When Bret Cohen was visiting home from his university studies one day, he asked his father, Theodore Cohen, “What do you do when you feel sad or depressed?”
“I think about the way brown rice in a double boiler cooks,” Theodore said.
At face value, a strange concept — but it makes sense when considering Cohen’s thought process.
“He loved the idea of having processes and putting processes together that did everything just right,” Bret said.
Cohen, who was a chemistry professor at Pitt for 60 years, died Dec. 13, at 88 years old. During his time at Pitt, he authored more than 200 research papers, and graduates of his lab can be found teaching at colleges and universities around the world.
He studied chemistry at Tufts University from 1947-1951, and received a Ph.D. in organic chemistry from the University of Southern California in 1955. Cohen began working at Pitt in 1956 and retired in 1999, but continued teaching with the new title of professor emeritus, assisting with graduate student research.
Cohen spent a majority of his career working with organometallic reactions, exploring how reactions occur in the presence of metal. Sunil Saxena, a Pitt professor and chair of the chemistry department, said Cohen was one of the first people at the University to begin getting federal funding for his research. Pitt now collects about $760 million in federal grants each year.
“That was very, very unusual for a place like Pittsburgh, it was essentially just a four-year college,” Saxena said. “[Cohen] was always a leader. He was never a follower.”
He recalled how the University got nuclear magnetic resonance equipment for the first time — equipment that radically changed the chemistry department. NMR is a research technique that determines the makeup of elements and molecules in a particular material. The equipment was free for chemistry faculty to use, and with NMR equipment, work that previously could take up to a month to complete only took a day.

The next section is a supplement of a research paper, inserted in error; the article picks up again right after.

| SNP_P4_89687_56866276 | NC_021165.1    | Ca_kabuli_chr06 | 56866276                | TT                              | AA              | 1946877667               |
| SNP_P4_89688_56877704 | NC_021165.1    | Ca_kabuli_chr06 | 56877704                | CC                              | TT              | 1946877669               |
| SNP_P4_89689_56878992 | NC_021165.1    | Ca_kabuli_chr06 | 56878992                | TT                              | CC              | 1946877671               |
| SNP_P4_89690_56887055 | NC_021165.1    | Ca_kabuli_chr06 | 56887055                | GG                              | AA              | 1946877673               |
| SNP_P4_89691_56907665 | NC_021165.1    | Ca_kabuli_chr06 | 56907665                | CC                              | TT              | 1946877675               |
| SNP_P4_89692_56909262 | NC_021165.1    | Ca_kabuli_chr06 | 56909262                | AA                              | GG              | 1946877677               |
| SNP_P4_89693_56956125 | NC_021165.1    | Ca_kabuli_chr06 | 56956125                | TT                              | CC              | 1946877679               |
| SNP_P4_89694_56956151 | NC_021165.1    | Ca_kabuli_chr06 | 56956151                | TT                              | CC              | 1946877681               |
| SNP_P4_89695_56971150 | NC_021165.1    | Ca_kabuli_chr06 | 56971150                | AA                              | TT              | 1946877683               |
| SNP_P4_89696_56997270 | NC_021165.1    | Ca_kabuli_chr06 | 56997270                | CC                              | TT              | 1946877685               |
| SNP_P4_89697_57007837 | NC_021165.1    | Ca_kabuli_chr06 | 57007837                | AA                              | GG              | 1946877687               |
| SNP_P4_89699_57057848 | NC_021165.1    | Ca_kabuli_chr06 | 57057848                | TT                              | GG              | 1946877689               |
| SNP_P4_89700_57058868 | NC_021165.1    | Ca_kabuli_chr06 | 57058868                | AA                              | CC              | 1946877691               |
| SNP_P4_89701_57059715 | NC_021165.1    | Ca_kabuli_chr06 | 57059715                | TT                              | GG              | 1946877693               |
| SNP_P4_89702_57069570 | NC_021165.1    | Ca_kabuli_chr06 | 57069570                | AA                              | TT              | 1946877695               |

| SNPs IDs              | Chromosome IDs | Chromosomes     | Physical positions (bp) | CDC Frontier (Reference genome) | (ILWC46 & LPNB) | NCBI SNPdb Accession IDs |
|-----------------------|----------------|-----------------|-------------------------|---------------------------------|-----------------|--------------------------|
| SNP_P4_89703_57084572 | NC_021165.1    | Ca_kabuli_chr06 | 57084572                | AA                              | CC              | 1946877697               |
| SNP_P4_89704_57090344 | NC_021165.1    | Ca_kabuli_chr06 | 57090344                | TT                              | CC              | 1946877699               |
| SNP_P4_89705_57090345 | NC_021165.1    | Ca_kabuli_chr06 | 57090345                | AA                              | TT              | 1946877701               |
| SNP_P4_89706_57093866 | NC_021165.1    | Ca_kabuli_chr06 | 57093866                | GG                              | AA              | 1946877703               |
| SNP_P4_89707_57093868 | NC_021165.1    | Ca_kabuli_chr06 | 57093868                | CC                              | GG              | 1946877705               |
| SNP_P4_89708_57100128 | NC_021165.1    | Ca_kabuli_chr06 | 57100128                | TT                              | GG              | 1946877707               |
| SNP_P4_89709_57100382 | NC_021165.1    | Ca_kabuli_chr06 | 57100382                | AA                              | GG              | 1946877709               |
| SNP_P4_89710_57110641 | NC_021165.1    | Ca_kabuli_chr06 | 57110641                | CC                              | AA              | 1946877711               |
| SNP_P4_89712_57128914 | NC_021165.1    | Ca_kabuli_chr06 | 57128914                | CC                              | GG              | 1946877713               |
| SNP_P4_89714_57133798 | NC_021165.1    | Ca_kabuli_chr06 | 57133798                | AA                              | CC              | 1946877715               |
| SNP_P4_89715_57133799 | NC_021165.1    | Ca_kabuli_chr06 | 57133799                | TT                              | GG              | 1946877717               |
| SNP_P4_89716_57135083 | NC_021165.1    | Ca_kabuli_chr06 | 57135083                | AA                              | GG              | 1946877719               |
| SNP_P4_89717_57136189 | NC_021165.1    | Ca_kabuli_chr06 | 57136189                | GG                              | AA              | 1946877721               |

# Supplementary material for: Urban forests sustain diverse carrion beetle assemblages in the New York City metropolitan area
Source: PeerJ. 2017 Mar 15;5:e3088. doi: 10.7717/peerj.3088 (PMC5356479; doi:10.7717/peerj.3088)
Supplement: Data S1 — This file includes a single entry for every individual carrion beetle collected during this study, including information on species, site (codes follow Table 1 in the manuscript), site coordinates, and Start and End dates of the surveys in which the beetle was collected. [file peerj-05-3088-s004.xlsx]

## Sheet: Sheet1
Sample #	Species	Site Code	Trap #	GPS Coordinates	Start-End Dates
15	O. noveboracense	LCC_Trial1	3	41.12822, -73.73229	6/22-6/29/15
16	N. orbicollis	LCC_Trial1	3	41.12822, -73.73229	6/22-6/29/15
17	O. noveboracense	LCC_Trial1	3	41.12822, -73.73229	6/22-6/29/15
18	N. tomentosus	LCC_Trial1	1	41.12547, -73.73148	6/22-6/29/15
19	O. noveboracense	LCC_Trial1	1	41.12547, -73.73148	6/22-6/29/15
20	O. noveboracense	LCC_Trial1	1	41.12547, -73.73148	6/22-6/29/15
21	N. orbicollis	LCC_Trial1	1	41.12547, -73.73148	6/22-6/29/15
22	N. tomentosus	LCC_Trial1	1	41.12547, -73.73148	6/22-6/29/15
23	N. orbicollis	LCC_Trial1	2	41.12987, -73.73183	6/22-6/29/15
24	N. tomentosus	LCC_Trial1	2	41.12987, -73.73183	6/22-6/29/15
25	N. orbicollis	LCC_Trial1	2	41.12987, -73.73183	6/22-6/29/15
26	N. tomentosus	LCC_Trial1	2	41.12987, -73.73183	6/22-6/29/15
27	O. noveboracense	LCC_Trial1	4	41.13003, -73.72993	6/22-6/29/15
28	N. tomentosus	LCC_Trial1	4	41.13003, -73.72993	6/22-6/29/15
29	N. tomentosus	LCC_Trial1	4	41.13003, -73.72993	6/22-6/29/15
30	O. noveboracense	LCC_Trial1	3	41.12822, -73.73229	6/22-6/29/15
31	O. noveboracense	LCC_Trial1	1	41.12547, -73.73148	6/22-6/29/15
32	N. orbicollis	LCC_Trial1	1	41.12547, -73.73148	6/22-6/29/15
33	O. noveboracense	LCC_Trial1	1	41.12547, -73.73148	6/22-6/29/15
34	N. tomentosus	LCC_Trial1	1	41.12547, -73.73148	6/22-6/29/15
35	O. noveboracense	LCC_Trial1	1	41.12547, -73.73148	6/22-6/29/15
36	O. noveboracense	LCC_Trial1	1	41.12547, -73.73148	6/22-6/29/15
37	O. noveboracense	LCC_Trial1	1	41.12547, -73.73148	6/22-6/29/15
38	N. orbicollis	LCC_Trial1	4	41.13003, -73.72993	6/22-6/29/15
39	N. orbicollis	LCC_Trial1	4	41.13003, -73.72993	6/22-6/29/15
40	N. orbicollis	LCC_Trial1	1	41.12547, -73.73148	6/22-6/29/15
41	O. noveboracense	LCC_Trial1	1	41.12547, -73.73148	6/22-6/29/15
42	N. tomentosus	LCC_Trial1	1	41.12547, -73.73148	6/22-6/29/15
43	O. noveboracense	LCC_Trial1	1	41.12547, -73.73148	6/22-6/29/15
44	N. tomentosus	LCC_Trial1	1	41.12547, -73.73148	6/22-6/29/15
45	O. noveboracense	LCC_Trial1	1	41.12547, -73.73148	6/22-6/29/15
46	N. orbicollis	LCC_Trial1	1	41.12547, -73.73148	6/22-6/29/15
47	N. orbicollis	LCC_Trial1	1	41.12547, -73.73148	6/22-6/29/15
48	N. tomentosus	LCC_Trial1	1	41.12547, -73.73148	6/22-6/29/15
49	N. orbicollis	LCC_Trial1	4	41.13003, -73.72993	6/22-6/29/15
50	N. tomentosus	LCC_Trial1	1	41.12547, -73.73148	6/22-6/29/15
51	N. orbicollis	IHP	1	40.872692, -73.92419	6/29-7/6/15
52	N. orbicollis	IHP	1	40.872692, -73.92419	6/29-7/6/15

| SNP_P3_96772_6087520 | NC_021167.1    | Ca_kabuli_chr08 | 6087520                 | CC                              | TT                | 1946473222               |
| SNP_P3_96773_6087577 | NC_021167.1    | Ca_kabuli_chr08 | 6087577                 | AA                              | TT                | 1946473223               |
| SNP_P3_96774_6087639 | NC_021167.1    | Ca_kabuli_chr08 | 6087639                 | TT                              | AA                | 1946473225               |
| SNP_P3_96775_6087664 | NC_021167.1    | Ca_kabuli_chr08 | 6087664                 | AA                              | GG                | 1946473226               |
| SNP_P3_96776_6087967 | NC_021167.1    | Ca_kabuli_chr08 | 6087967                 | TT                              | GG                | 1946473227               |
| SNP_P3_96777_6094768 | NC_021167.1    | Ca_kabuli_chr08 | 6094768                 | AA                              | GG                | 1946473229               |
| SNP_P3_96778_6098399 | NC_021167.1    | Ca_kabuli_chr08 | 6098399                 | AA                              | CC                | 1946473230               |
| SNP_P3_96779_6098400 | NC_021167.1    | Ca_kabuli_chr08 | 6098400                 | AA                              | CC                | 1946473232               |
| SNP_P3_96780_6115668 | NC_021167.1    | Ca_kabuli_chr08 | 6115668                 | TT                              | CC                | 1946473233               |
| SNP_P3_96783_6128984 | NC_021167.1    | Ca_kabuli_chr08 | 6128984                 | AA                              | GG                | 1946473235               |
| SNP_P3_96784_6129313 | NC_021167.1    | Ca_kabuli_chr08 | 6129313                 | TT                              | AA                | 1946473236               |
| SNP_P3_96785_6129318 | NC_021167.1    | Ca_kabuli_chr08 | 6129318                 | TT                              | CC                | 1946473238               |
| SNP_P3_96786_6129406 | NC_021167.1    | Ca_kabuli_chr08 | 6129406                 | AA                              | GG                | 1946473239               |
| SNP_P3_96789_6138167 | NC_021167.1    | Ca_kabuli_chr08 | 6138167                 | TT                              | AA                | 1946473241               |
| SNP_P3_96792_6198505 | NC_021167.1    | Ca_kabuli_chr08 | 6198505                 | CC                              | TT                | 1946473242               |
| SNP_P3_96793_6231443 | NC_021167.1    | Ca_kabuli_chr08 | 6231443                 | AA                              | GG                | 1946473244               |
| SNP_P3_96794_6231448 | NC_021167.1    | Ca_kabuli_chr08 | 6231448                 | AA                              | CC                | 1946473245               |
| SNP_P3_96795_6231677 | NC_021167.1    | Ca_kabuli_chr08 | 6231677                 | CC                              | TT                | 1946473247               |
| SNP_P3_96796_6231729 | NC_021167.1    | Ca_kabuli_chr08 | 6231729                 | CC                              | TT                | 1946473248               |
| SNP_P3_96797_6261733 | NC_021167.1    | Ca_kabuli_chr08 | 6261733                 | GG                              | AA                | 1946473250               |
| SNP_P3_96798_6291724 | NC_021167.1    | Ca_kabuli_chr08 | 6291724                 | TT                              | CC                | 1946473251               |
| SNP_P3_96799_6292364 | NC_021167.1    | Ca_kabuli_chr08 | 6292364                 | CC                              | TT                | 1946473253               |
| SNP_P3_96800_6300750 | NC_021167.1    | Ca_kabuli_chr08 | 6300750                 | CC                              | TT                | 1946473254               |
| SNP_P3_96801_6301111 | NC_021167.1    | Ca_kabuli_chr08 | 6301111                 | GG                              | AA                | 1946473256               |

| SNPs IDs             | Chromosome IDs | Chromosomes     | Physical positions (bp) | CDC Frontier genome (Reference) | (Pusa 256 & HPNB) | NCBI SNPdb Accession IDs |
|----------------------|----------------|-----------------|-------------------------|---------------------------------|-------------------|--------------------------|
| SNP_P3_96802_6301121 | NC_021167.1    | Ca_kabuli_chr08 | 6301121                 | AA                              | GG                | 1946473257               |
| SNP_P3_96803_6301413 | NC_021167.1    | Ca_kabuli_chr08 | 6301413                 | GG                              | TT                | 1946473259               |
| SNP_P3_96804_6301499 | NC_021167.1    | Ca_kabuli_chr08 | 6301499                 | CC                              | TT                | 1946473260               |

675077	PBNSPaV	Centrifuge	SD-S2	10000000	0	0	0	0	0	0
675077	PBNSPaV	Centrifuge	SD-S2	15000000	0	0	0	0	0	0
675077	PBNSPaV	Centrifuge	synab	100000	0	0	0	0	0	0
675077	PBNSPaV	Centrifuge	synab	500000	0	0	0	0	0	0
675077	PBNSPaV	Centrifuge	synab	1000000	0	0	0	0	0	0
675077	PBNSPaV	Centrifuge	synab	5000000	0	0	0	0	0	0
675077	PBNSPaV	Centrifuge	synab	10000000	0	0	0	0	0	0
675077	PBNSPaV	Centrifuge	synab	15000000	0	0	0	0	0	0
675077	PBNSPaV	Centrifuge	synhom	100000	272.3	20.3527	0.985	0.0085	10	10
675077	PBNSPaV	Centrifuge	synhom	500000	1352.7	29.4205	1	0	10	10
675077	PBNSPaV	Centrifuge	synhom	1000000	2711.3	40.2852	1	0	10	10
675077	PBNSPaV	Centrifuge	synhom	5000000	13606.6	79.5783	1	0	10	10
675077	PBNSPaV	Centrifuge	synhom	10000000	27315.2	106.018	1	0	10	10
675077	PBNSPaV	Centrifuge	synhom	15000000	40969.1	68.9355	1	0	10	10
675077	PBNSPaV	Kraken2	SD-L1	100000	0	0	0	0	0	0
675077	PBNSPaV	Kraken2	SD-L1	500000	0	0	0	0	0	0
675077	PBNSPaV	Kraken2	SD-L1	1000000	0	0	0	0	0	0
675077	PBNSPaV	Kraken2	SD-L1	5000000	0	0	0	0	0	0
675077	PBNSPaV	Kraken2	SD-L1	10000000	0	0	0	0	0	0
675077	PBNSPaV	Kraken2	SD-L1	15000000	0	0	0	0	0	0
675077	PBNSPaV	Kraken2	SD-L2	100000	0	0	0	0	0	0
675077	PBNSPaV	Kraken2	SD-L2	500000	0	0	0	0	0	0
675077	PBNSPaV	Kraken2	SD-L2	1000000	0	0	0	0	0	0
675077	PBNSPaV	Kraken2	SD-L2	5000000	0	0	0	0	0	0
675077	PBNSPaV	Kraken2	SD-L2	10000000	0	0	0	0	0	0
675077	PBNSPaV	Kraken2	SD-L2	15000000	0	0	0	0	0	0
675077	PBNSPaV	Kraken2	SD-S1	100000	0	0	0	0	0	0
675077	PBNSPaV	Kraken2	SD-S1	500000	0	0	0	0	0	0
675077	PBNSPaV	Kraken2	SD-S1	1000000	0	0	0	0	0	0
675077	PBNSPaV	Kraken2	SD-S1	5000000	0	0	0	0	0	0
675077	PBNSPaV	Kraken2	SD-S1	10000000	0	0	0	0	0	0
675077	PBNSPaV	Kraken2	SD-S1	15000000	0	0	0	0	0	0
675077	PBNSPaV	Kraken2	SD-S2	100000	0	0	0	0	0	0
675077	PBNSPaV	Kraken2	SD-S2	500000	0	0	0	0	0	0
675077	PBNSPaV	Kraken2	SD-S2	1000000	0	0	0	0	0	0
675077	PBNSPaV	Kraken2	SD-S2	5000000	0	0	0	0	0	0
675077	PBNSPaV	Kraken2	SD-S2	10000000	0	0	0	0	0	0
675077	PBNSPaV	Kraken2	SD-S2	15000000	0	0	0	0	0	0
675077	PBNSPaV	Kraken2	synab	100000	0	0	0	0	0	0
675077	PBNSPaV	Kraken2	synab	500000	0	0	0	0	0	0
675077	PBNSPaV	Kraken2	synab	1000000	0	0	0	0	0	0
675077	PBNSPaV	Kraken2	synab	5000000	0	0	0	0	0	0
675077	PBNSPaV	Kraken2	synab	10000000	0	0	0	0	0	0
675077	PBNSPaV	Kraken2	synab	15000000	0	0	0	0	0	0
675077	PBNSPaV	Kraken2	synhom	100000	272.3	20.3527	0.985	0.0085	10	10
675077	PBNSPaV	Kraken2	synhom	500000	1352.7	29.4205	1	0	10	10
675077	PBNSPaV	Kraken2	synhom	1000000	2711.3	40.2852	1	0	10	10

Even so, Cohen didn’t boast about his role in transforming the department.
“He was very humble in that way,” Saxena said. “Many scientists would have told the first half and followed up immediately with the second half. Ted never did. That, to me, speaks of who Ted was.”
Justin Chalker, currently a senior lecturer at Flinders University, began undergraduate research in Cohen’s lab in 2003. Chalker said one of the first things he noticed was Cohen’s “infinite curiosity.”
“I remember him telling me once in his characteristically enthusiastic tone that, ‘Organic chemistry is profoundly interesting. We can design entirely new reactions and use them to make molecules that have never existed before,’” Chalker said. “I was hooked.”
This kind of enthusiasm was present in many of Cohen’s relationships with students. He mentored more than 40 PhD students, 25 masters students and numerous other postdoctoral and undergraduate students. Nicole Kennedy was a graduate student of Cohen’s and said he took a chance on her at the lowest point in her life.
“He believed in me, as well as all of his students,” Kennedy said. “No matter how sick or unwell Cohen felt, he was always sharp, willing to teach and willing to work.”
Kennedy also mentioned how Cohen’s steadfast dedication to a healthy lifestyle was “an inspiration.”
“He was so healthy that his doctor prescribed potato chips in order to introduce sodium into his diet,” Kennedy said.
Dennis Curran, a professor and researcher in the chemistry department, said Cohen incorporated health-conscious choices in all aspects of his life. His daily commute to his office in Chevron involved climbing 12 flights of stairs while reading the New York Times.
“He was always somewhat of a health fanatic, but in a scientific way,” Curran said. “He was interested in health, but he wanted evidence.”
Peter Wipf spoke to Cohen’s character and personality, and said everyone who worked with the fellow chemistry professor and researcher will remember him in a positive way.
“[Cohen] was a pillar of reliability within the department,” Wipf said. “Every opportunity he had, he was supporting the [chemistry] department and supporting the City as well.”
The Pittsburgh section of the American Chemical Society took notice of this and awarded Cohen the Pittsburgh Award in 2009. His nomination letter to the Pittsburgh Award Committee spoke to his continuous contribution to the growth of the scientific community in the City of Pittsburgh.
According to the letter, the start of Pitt’s Department of Chemistry as it is known today can be attributed to Cohen’s arrival in 1956 — including a well-known independent evaluation committee’s description of Pitt as a nationally-ranked program.
Cohen is remembered by his students and coworkers as a brilliant scientist with a compassionate personality. Saxena said Cohen lived a full life, and we should continue to admire his contributions and work ethic.
“There are very few of us who would be active — publishing papers — at 87. Graduating a Ph.D. student at the age of 87,” Saxena said. “Honestly, I don’t think Ted would have asked for anything different.”